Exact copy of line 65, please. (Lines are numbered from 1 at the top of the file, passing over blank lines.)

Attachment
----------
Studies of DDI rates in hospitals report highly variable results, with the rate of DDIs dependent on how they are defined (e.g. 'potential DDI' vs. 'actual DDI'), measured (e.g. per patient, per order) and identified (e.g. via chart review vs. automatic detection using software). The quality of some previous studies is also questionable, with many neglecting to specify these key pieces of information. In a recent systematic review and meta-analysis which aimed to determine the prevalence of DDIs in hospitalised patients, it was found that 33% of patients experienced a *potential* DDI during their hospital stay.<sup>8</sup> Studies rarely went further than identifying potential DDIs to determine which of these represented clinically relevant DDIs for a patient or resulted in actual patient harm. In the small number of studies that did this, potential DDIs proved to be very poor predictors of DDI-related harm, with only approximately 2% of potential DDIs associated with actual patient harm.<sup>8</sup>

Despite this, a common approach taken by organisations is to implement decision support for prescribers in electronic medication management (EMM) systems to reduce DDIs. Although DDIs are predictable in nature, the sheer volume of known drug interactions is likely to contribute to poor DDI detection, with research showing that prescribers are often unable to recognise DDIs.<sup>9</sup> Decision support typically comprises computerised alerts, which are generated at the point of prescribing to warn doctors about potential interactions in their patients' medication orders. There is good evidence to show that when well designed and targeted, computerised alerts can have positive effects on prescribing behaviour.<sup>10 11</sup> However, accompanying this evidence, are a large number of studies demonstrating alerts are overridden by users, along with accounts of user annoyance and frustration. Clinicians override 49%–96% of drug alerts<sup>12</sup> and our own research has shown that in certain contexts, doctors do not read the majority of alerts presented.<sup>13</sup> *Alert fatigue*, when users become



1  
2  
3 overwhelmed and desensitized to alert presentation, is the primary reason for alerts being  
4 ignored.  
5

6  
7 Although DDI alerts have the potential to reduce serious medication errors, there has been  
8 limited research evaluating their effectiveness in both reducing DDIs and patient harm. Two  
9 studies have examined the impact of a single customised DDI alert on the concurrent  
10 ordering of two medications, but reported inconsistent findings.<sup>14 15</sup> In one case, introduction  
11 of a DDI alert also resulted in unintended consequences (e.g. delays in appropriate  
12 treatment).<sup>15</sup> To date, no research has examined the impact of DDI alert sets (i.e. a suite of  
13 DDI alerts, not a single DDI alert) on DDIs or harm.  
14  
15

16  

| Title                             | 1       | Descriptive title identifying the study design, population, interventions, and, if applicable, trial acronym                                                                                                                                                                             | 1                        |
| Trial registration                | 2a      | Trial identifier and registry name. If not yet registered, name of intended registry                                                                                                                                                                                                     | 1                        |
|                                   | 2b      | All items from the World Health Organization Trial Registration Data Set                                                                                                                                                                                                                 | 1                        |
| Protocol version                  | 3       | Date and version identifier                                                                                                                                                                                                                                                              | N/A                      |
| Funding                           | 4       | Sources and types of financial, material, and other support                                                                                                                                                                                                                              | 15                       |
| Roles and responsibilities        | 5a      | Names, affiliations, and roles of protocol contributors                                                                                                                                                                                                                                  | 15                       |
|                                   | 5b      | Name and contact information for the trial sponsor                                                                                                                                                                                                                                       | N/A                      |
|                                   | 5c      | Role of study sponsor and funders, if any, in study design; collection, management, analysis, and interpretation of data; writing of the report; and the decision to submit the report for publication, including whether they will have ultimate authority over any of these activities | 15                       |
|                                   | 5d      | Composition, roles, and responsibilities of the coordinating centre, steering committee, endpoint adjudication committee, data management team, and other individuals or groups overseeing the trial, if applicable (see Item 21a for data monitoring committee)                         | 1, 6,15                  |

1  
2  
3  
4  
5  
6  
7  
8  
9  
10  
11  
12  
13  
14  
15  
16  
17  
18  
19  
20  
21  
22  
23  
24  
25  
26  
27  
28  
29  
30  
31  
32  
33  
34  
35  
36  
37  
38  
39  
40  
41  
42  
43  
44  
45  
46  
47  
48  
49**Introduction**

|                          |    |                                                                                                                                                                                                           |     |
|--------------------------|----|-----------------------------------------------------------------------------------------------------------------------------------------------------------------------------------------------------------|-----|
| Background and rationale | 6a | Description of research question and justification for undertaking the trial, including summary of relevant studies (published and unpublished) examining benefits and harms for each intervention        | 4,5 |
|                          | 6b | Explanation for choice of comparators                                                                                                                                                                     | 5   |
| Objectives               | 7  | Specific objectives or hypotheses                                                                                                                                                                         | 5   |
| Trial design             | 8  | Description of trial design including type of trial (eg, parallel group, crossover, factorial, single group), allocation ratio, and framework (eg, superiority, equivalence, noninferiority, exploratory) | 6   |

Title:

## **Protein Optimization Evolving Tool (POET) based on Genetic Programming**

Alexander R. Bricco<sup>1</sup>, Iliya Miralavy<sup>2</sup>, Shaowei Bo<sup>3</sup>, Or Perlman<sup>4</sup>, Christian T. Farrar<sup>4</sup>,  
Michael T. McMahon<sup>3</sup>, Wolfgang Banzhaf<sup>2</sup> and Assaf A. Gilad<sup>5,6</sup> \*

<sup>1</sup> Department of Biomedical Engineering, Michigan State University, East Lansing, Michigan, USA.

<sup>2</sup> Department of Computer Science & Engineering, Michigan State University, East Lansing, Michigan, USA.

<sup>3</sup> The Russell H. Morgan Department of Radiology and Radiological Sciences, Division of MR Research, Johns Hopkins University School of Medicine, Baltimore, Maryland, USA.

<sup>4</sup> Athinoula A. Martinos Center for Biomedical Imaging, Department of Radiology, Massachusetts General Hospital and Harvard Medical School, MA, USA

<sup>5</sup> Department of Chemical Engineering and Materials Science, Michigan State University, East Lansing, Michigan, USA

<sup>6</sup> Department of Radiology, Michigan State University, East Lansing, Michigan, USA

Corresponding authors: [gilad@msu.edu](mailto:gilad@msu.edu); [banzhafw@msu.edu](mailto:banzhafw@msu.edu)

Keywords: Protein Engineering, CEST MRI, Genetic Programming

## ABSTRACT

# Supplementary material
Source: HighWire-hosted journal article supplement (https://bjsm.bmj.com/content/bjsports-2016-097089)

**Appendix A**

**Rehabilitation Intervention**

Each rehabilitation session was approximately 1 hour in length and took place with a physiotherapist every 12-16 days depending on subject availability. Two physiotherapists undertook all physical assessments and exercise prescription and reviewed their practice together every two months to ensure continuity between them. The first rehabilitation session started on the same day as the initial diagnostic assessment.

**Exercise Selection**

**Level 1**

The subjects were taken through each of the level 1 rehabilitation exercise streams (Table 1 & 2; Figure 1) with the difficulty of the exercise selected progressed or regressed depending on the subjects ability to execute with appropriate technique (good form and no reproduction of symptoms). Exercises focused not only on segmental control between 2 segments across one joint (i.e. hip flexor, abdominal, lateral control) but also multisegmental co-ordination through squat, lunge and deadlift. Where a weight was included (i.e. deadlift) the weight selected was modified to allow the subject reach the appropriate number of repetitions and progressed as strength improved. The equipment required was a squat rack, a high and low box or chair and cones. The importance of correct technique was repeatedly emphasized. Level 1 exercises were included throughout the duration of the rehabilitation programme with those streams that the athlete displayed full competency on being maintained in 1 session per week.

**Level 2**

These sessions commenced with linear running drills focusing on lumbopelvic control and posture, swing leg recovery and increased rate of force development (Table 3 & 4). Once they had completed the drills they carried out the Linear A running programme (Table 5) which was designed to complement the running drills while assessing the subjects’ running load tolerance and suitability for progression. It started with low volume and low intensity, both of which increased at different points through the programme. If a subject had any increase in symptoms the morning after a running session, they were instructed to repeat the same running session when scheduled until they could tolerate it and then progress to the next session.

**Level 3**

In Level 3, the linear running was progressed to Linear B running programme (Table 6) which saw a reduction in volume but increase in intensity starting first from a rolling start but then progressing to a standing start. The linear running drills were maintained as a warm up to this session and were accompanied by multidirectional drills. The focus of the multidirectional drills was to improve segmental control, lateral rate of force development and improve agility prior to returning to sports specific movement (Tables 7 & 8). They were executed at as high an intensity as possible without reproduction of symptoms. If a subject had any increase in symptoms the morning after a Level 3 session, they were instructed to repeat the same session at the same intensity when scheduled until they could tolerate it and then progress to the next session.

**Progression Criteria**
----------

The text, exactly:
38  